• gasketed joints between precast sections to seal against water leakage
  • Backfilling with granular fill and compacting around the culvert to support loads
  • Use of concrete headwalls, wingwalls, and aprons as needed

Concrete culvert sections are manufactured by commercial precast concrete companies to project specifications or can be cast on site. Quality concrete mix design and curing are essential for performance.

Culvert Headwall Design

Culvert headwalls play an important role in optimizing hydraulic performance and preventing erosion. Key headwall design factors include:

  • Material selection (concrete most common)
  • Inlet edge configuration to control water entry
  • Height and side taper to direct water and contain embankment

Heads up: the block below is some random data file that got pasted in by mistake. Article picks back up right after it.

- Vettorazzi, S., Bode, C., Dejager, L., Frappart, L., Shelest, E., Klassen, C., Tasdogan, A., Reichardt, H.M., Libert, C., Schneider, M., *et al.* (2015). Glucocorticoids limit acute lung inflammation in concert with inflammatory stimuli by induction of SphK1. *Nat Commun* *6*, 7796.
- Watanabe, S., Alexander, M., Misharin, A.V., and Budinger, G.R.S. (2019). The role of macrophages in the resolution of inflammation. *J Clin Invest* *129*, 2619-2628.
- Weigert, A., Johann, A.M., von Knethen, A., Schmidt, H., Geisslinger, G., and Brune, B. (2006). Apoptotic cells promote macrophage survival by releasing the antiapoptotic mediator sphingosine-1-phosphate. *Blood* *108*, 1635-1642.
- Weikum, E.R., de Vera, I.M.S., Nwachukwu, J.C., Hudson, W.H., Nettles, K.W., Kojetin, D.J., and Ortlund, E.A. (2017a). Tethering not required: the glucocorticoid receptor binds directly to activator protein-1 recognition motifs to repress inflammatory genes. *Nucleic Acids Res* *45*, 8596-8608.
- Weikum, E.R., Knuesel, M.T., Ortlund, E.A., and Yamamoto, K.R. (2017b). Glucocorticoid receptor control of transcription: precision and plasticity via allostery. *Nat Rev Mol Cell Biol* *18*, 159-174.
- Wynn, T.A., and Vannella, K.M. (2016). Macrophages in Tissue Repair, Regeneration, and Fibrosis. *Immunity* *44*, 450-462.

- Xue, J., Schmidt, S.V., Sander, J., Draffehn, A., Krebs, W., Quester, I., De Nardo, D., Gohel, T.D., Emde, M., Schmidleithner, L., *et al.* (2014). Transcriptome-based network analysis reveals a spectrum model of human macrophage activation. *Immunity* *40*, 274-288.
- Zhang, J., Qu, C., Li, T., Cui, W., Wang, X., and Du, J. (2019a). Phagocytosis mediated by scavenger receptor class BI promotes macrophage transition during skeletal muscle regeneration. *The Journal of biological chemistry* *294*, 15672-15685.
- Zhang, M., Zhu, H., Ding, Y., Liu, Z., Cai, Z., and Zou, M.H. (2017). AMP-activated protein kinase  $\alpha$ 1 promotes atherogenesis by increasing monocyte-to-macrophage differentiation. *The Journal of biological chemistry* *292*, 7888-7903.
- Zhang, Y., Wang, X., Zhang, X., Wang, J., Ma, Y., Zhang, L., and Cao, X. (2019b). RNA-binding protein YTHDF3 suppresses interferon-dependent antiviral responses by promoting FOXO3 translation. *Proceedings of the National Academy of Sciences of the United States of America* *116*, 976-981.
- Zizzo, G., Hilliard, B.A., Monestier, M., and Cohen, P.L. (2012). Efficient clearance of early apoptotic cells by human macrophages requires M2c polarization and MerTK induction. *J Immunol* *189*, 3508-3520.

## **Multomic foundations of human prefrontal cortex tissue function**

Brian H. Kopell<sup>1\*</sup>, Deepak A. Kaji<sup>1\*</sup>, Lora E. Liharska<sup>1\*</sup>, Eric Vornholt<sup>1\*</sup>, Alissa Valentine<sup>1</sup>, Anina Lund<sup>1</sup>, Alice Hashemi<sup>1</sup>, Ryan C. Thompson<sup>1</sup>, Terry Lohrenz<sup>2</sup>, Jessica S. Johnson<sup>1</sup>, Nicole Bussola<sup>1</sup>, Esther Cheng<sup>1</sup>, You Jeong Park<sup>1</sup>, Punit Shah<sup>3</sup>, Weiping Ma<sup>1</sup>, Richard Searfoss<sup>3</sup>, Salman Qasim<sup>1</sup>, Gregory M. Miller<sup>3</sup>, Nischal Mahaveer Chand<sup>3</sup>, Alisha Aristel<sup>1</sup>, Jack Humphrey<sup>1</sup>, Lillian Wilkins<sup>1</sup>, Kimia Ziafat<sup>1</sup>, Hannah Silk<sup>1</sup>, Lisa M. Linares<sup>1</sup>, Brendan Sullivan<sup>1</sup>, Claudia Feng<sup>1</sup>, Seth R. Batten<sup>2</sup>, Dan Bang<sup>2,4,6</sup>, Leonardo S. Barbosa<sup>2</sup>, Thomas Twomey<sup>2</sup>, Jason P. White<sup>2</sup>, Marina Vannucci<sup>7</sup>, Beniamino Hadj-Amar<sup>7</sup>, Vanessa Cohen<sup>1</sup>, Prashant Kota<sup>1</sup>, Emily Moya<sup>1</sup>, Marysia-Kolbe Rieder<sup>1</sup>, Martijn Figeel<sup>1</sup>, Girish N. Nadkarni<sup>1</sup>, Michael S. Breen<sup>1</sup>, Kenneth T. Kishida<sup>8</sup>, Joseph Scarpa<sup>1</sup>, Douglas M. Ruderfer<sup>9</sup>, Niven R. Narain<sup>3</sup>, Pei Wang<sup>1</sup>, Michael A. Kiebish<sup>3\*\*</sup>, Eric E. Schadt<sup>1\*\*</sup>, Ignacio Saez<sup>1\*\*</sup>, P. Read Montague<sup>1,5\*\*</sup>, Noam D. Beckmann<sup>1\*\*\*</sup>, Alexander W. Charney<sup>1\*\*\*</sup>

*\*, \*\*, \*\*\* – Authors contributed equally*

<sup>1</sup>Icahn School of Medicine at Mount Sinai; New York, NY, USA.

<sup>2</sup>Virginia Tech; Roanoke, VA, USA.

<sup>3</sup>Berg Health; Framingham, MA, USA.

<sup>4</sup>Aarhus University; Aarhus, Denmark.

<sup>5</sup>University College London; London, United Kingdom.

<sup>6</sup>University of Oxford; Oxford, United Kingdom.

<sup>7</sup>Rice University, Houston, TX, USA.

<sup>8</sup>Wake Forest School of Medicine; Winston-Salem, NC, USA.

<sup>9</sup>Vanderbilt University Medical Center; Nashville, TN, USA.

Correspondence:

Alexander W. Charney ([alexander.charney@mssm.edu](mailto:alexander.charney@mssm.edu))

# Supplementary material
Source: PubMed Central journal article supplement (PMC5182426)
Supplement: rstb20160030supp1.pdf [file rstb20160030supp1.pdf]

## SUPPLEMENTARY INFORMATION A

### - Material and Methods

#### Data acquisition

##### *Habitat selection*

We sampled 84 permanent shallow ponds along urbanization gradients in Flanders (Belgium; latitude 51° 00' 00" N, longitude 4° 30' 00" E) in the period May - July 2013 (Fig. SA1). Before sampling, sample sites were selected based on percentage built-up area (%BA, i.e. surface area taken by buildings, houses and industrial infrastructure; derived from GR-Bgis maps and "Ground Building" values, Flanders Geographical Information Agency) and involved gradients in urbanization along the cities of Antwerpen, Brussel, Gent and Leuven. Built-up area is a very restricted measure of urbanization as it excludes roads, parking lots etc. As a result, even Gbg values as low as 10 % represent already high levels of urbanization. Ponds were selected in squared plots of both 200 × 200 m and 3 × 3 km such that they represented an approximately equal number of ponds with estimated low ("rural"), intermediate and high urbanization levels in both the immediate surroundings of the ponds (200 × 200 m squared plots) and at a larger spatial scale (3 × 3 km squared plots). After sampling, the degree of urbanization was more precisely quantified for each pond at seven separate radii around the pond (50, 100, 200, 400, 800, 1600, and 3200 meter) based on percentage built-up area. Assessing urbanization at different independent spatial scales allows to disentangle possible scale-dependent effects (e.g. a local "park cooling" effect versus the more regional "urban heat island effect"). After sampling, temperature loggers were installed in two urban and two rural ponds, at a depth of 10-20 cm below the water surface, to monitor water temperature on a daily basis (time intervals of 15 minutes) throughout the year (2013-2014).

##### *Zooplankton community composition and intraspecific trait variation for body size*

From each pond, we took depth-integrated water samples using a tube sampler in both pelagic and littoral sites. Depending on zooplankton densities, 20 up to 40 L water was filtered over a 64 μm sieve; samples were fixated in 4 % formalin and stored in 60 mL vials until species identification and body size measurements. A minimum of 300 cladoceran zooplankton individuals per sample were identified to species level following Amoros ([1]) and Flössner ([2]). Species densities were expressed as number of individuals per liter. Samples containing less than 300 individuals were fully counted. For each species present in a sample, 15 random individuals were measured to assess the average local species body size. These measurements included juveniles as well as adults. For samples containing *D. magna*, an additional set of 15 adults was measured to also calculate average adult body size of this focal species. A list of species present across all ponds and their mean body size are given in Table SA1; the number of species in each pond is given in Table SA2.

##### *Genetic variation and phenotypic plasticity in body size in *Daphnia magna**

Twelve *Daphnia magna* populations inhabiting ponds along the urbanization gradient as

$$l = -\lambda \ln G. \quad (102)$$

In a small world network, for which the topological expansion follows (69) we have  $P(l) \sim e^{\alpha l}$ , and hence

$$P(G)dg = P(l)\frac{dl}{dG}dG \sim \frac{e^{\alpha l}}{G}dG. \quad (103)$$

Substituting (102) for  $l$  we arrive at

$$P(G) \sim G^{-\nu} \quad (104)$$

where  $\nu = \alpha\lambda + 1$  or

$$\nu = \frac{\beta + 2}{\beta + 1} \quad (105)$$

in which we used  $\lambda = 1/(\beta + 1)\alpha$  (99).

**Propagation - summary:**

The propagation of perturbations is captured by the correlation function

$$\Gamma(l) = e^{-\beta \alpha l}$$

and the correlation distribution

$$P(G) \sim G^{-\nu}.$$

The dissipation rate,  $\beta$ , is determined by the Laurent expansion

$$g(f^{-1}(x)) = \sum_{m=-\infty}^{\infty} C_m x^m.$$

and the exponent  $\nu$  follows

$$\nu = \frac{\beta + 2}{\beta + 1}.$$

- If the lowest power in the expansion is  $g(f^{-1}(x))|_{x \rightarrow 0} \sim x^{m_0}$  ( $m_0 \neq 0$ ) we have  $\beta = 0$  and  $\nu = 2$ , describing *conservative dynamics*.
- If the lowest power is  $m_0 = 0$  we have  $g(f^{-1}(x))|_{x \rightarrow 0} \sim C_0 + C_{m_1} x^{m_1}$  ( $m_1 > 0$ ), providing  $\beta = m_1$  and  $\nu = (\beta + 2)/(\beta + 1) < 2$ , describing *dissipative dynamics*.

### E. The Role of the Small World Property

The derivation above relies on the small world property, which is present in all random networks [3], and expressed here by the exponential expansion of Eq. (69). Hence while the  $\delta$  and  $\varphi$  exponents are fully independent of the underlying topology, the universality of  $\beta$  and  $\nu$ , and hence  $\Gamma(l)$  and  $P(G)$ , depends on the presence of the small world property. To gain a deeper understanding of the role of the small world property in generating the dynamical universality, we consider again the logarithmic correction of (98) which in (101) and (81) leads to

• Apron size and depth to prevent undermining
  • Weep holes to relieve water pressure behind walls
  • End treatment like wingwalls to contain embankment
  • Riprap, velocity dissipaters, or other scour countermeasures

Headwalls must withstand hydraulic pressure and erosion forces. Extending headwalls beyond the embankment profile helps prevent bypass flow and bank erosion.

Culvert Failure Analysis

Some common modes of culvert failure and their causes include:

  • Erosion or washout: Insufficient hydraulic capacity, excessive velocity, or inadequate bank armoring.
  • Piping failure: Water seepage through backfill particles leading to void formation and collapse.
  • Overtopping: Inadequate height or hydraulic capacity leading to flows over roadway.
  • Structural collapse: Excessive deflection, joint separation, or corrosion. Inadequate strength for loads.
  • Settlement: Inadequate foundation support from soft or unstable soils.